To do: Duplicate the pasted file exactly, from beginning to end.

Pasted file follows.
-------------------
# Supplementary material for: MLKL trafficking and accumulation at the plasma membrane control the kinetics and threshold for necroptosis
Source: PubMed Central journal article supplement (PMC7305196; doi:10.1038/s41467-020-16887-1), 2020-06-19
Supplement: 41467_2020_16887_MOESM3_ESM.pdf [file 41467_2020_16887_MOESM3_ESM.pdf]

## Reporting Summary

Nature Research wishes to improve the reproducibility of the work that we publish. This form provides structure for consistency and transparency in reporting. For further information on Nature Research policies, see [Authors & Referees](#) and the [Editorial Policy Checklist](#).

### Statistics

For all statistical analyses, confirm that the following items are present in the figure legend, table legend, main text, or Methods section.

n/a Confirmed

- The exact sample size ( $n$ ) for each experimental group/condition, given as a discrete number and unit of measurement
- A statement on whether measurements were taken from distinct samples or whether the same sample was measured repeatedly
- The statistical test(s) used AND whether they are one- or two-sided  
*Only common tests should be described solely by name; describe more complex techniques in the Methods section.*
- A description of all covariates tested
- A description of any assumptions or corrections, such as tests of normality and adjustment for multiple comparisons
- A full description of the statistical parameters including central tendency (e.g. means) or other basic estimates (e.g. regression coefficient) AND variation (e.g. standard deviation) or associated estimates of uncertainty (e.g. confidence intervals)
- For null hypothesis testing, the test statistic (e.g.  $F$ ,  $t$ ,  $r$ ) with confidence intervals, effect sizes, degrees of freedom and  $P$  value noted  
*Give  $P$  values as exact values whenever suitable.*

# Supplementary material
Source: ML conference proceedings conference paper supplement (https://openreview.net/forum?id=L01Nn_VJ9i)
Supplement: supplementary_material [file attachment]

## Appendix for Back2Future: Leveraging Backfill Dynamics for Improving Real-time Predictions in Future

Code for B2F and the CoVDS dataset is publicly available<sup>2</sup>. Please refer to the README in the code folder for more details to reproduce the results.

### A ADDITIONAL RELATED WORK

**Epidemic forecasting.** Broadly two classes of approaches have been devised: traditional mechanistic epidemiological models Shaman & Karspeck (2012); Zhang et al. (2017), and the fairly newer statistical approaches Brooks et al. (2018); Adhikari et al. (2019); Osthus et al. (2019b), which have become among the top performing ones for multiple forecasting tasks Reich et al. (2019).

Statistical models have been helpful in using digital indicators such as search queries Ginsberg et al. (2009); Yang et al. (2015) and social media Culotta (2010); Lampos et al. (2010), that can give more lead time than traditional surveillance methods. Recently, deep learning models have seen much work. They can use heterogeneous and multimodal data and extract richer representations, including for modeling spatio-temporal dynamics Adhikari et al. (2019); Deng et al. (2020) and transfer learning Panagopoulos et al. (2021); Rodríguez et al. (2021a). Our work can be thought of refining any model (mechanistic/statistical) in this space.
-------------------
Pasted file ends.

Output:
# Supplementary material for: MLKL trafficking and accumulation at the plasma membrane control the kinetics and threshold for necroptosis
Source: PubMed Central journal article supplement (PMC7305196; doi:10.1038/s41467-020-16887-1), 2020-06-19
Supplement: 41467_2020_16887_MOESM3_ESM.pdf [file 41467_2020_16887_MOESM3_ESM.pdf]

## Reporting Summary

Nature Research wishes to improve the reproducibility of the work that we publish. This form provides structure for consistency and transparency in reporting. For further information on Nature Research policies, see [Authors & Referees](#) and the [Editorial Policy Checklist](#).

### Statistics

For all statistical analyses, confirm that the following items are present in the figure legend, table legend, main text, or Methods section.

n/a Confirmed

- The exact sample size ( $n$ ) for each experimental group/condition, given as a discrete number and unit of measurement
- A statement on whether measurements were taken from distinct samples or whether the same sample was measured repeatedly
- The statistical test(s) used AND whether they are one- or two-sided  
*Only common tests should be described solely by name; describe more complex techniques in the Methods section.*
- A description of all covariates tested
- A description of any assumptions or corrections, such as tests of normality and adjustment for multiple comparisons
- A full description of the statistical parameters including central tendency (e.g. means) or other basic estimates (e.g. regression coefficient) AND variation (e.g. standard deviation) or associated estimates of uncertainty (e.g. confidence intervals)
- For null hypothesis testing, the test statistic (e.g.  $F$ ,  $t$ ,  $r$ ) with confidence intervals, effect sizes, degrees of freedom and  $P$  value noted  
*Give  $P$  values as exact values whenever suitable.*

# Supplementary material
Source: ML conference proceedings conference paper supplement (https://openreview.net/forum?id=L01Nn_VJ9i)
Supplement: supplementary_material [file attachment]

## Appendix for Back2Future: Leveraging Backfill Dynamics for Improving Real-time Predictions in Future

Code for B2F and the CoVDS dataset is publicly available<sup>2</sup>. Please refer to the README in the code folder for more details to reproduce the results.

### A ADDITIONAL RELATED WORK

**Epidemic forecasting.** Broadly two classes of approaches have been devised: traditional mechanistic epidemiological models Shaman & Karspeck (2012); Zhang et al. (2017), and the fairly newer statistical approaches Brooks et al. (2018); Adhikari et al. (2019); Osthus et al. (2019b), which have become among the top performing ones for multiple forecasting tasks Reich et al. (2019).

Statistical models have been helpful in using digital indicators such as search queries Ginsberg et al. (2009); Yang et al. (2015) and social media Culotta (2010); Lampos et al. (2010), that can give more lead time than traditional surveillance methods. Recently, deep learning models have seen much work. They can use heterogeneous and multimodal data and extract richer representations, including for modeling spatio-temporal dynamics Adhikari et al. (2019); Deng et al. (2020) and transfer learning Panagopoulos et al. (2021); Rodríguez et al. (2021a). Our work can be thought of refining any model (mechanistic/statistical) in this space.